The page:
facebook app symbol  twitter  linkedin  instagram 1


WINDOW ROCK, Ariz. — Honoring and remembering missing and murdered Indigenous persons on the Navajo Nation, Navajo Nation President Jonathan Nez and Vice President Myron Lizer signed a proclamation recognizing May 5, 2021, as "Navajo Nation Missing and Murdered Indigenous Peoples Awareness Day.”

The leaders were joined by their respective wives, First Lady Phefelia Nez, and Second Lady Dottie Lizer, at the Navajo Nation Veterans Memorial Park in Window Rock, Ariz. Also in attendance were the 24th Navajo Nation Council’s Sexual Assault Prevention Subcommittee Chair Amber Kanazbah Crotty, Miss Navajo Nation Shaandiin Parrish, and the Albuquerque Federal Bureau of Investigations (FBI) Field Office.

"Today, we extend our appreciation to our partners and volunteers, who work hard to gather data, provide testimonies, analyze data, and provide recommendations regarding the Missing and Murdered Indigenous Women and Relatives crisis that affects each of our lives and tribal communities. Most importantly, we come together today to support and pray for survivors and victims," President Nez said.

During the visit, Albuquerque FBI Special Agent in Charge Raul Bujanda also met with Navajo Nation leaders to review the roles of the FBI in working with federal, tribal, and state agencies for responding to reports of missing and murdered Indigenous people. 

Navajo leaders offer their support for families of missing and murdered relatives at the Navajo Nation Council Chamber in Window Rock, Ariz. on May 5, 2021.

“Setting aside a day to remember murdered and missing Native Americans is an opportunity for the FBI and our partners to reaffirm our commitment to bring justice to the victims and their loved ones,” Special Agent in Charge Bujanda said. “We also offer our condolences to the families and friends of all the victims. The FBI values its strong relationship with the Navajo Nation as we continue to work together to make our communities safer." 

The proclamation states that the National Crime Information Center reported in 2016 that over 5,700 Native American Women and Girls were classified as missing while at the same time the United States Department of Justice missing person database reported only 116 missing Native American Women and Girls. Overall, Native Americans face murder rates that are more than the national average murder rate.

Sexual Assault Prevention Subcommittee Chair Amber Kanazbah Crotty acknowledged the long history of the missing and murdered Indigenous peoples and its devastating impacts on various groups of people including veterans and transgender and LGBTQ people who are often not included in data that is gathered. She also called for more data sharing among law enforcement agencies and offered support for the establishment of a Missing Persons Unit.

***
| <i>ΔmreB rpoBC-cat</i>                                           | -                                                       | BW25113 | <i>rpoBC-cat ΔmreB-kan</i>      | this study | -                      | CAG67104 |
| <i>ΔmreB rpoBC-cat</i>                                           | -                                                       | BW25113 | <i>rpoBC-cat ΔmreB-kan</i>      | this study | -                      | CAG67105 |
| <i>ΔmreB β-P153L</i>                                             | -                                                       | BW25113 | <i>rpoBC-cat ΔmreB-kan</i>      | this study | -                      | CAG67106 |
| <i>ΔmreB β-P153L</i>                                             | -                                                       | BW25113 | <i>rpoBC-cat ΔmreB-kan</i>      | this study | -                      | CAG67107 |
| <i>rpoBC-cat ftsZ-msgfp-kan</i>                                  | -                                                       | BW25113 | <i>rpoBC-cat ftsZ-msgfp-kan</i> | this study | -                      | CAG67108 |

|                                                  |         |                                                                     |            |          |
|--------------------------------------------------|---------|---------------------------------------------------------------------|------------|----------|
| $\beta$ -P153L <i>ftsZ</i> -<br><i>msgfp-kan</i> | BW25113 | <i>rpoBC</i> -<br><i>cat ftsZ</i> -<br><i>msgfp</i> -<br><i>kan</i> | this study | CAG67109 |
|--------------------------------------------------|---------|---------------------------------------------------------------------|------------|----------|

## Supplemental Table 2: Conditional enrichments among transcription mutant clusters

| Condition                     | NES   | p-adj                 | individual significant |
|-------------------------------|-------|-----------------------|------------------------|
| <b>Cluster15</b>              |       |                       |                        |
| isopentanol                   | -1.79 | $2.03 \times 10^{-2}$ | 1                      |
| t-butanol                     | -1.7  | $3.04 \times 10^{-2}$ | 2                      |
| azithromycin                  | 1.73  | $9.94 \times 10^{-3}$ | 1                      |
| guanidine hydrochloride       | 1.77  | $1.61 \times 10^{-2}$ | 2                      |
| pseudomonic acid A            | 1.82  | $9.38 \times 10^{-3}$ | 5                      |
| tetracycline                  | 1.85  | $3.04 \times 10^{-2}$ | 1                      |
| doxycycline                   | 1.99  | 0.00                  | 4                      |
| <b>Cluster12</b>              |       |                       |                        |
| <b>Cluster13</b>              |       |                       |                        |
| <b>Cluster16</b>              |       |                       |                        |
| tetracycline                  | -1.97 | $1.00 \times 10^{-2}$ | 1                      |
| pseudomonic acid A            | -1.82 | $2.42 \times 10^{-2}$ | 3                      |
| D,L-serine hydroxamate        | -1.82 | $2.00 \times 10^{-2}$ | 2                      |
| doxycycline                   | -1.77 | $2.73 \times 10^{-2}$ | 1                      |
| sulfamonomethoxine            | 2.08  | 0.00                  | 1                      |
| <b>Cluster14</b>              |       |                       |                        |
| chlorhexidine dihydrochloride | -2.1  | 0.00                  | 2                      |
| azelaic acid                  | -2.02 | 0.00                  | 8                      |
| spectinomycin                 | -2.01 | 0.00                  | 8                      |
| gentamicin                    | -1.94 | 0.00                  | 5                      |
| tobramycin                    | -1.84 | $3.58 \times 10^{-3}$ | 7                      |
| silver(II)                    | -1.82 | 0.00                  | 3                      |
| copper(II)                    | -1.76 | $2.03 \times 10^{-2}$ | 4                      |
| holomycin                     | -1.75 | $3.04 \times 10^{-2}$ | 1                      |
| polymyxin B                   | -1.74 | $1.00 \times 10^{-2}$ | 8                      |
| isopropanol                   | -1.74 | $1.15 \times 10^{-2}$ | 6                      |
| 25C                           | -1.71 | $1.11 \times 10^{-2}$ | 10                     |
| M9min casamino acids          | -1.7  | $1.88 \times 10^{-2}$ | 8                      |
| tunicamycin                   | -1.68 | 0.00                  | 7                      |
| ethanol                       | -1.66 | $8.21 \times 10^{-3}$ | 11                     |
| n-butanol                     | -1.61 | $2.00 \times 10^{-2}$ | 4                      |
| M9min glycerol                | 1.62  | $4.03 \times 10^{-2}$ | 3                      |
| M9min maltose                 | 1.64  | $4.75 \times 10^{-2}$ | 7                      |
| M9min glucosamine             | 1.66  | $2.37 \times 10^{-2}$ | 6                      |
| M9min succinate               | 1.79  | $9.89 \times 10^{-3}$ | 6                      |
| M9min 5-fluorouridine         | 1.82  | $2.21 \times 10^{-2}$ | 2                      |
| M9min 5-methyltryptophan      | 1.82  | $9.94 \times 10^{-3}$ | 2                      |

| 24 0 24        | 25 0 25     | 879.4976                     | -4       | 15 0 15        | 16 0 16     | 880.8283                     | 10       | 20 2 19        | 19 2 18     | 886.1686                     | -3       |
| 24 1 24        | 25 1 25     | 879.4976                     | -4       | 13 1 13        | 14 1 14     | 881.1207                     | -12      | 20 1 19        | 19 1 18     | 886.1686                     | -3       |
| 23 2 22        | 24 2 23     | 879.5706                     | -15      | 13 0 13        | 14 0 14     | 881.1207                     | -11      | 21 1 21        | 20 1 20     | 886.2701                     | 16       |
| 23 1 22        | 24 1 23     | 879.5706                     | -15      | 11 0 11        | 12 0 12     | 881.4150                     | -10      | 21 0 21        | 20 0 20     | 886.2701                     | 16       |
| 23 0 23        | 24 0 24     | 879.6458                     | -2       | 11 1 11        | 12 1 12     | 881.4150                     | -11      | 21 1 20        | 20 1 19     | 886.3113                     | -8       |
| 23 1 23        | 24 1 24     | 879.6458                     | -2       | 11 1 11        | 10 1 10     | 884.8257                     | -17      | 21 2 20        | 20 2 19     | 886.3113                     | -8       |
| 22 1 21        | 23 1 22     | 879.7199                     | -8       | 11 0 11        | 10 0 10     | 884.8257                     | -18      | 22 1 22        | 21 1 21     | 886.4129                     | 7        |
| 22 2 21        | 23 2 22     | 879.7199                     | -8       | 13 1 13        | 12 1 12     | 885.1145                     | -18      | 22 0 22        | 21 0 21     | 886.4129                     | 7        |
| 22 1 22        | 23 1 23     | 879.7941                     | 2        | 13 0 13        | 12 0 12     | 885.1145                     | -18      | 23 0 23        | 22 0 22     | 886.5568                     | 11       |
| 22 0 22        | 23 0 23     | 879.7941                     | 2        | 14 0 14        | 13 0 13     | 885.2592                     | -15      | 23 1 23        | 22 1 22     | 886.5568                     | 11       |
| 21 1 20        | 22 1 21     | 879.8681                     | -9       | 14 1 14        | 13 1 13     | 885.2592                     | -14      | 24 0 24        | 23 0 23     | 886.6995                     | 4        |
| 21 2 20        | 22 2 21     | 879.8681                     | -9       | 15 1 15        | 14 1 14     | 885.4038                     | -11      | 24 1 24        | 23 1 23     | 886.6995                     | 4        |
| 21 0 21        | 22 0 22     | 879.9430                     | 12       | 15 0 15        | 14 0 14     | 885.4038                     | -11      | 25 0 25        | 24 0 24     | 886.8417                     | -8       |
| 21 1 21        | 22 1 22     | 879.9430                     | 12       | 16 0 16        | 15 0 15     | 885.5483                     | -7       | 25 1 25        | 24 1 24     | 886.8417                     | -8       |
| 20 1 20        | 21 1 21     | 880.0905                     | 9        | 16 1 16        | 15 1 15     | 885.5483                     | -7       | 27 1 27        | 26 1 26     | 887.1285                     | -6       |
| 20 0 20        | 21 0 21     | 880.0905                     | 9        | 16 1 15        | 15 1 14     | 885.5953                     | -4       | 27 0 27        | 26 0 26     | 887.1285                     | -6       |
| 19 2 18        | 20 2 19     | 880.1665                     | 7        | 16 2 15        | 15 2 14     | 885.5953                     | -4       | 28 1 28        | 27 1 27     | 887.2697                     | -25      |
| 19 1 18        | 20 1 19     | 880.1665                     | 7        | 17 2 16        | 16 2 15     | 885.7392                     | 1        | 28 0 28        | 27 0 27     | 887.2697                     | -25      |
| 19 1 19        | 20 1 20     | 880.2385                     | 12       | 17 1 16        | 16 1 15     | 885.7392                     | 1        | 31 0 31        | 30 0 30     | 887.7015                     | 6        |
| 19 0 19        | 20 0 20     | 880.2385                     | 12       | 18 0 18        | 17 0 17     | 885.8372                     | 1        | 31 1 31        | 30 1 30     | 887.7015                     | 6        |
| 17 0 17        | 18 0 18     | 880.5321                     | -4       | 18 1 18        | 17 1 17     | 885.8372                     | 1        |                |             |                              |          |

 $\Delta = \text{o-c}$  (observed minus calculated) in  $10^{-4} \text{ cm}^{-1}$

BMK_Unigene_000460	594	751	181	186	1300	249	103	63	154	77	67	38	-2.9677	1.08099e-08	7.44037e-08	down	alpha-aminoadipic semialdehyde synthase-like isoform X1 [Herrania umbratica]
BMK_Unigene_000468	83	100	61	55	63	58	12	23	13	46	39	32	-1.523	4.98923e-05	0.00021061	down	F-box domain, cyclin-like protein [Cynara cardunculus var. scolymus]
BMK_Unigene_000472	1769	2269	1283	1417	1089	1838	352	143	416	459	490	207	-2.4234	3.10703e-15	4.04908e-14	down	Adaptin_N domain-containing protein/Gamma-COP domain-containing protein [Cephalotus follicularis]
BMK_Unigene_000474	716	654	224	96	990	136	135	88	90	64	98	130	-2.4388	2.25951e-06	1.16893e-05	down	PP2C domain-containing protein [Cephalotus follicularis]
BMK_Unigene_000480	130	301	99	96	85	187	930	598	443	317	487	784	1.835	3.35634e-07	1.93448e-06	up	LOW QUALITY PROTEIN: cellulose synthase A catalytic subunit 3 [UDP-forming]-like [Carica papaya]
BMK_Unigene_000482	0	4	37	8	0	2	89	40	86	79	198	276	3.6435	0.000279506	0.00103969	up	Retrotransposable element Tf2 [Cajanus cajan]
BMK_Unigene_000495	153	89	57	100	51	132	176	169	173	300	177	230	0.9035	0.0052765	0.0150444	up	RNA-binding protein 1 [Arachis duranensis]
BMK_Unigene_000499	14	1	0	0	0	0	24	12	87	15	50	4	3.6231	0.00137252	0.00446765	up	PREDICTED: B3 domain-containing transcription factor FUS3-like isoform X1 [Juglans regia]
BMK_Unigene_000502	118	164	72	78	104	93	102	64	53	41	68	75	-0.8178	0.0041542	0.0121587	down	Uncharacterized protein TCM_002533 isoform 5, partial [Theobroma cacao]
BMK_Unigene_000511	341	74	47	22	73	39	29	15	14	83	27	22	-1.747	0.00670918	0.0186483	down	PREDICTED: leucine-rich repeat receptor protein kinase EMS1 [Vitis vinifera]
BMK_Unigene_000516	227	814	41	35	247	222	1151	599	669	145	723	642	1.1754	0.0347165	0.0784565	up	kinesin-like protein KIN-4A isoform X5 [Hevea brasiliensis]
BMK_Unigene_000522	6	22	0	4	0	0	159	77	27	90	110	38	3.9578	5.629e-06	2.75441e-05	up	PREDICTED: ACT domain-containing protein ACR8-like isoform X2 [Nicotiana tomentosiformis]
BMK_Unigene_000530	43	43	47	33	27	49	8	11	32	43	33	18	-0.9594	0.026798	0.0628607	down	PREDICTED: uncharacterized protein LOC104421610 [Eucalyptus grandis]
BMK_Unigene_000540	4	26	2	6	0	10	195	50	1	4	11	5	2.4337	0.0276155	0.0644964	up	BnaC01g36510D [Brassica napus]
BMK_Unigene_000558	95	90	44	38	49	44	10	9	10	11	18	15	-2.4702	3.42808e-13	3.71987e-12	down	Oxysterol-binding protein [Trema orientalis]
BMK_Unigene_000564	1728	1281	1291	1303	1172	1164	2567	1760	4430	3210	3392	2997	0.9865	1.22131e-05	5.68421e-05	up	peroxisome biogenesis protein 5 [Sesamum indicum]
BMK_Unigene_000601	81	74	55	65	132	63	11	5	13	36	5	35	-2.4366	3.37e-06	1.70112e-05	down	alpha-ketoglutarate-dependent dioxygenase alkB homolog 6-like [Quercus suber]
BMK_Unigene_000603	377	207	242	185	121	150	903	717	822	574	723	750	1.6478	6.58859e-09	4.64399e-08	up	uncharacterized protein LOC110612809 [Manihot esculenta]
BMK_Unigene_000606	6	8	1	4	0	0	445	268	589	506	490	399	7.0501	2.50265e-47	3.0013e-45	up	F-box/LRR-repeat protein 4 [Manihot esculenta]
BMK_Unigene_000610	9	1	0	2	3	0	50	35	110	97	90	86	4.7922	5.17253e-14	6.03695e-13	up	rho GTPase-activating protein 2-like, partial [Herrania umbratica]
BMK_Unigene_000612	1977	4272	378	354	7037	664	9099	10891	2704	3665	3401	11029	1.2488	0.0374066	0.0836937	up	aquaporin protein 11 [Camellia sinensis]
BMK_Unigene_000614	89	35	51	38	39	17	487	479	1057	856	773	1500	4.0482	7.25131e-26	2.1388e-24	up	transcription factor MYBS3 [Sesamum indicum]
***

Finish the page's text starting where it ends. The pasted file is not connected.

“This is a crisis, our missing and murdered Diné relatives. We know there are relatives that are still out there that are not accounted for. So many times, families are out there searching and they feel isolated and they feel a sense of blame and shame, but we stand with them. Whether it’s 15 years, 30 years since a loved one has gone missing, the families still feel the loss and the pain. It’s really through working together and through communication that we begin to heal,” Navajo Nation Delegate Crotty stated. 

Following the ceremony, President Nez and Vice President Lizer joined Delegate Crotty and members of the 24th Navajo Nation Council outside of the Council Chamber as they gathered with families of missing and murdered relatives to offer support and to remember victims. Delegate Crotty also led an awareness walk with the families. 

More Stories Like This

American Indian and Alaska Natives in Tribal Areas Have Among Lowest Rates of High-Speed Internet Access
Native Bidaské with Assemblyman James C. Ramos on the 100th Anniversary of the Indian Citizenship Act
Navajo President Signs Landmark ARPA Legislation to Double Infrastructure Projects
President Biden's Juneteenth Day Proclamation
Railway Ordered to Pay Washington Tribe $400M

Join us in celebrating 100 years of Native citizenship. On June 2, 1924, President Calvin Coolidge signed the Indian Citizenship Act, granting Native Americans US citizenship, a pivotal moment in their quest for equality. This year marks its centennial, inspiring our special project, "Heritage Unbound: Native American Citizenship at 100," celebrating their journey with stories of resilience, struggle, and triumph. Your donations fuel initiatives like these, ensuring our coverage and projects honoring Native American heritage thrive. Your donations fuel initiatives like these, ensuring our coverage and projects honoring Native American heritage thrive.

About The Author
Native News Online Staff
Author: Native News Online StaffEmail: This email address is being protected from spambots. You need JavaScript enabled to view it.
Native News Online is one of the most-read publications covering Indian Country and the news that matters to American Indians, Alaska Natives and other Indigenous people. Reach out to us at [email protected].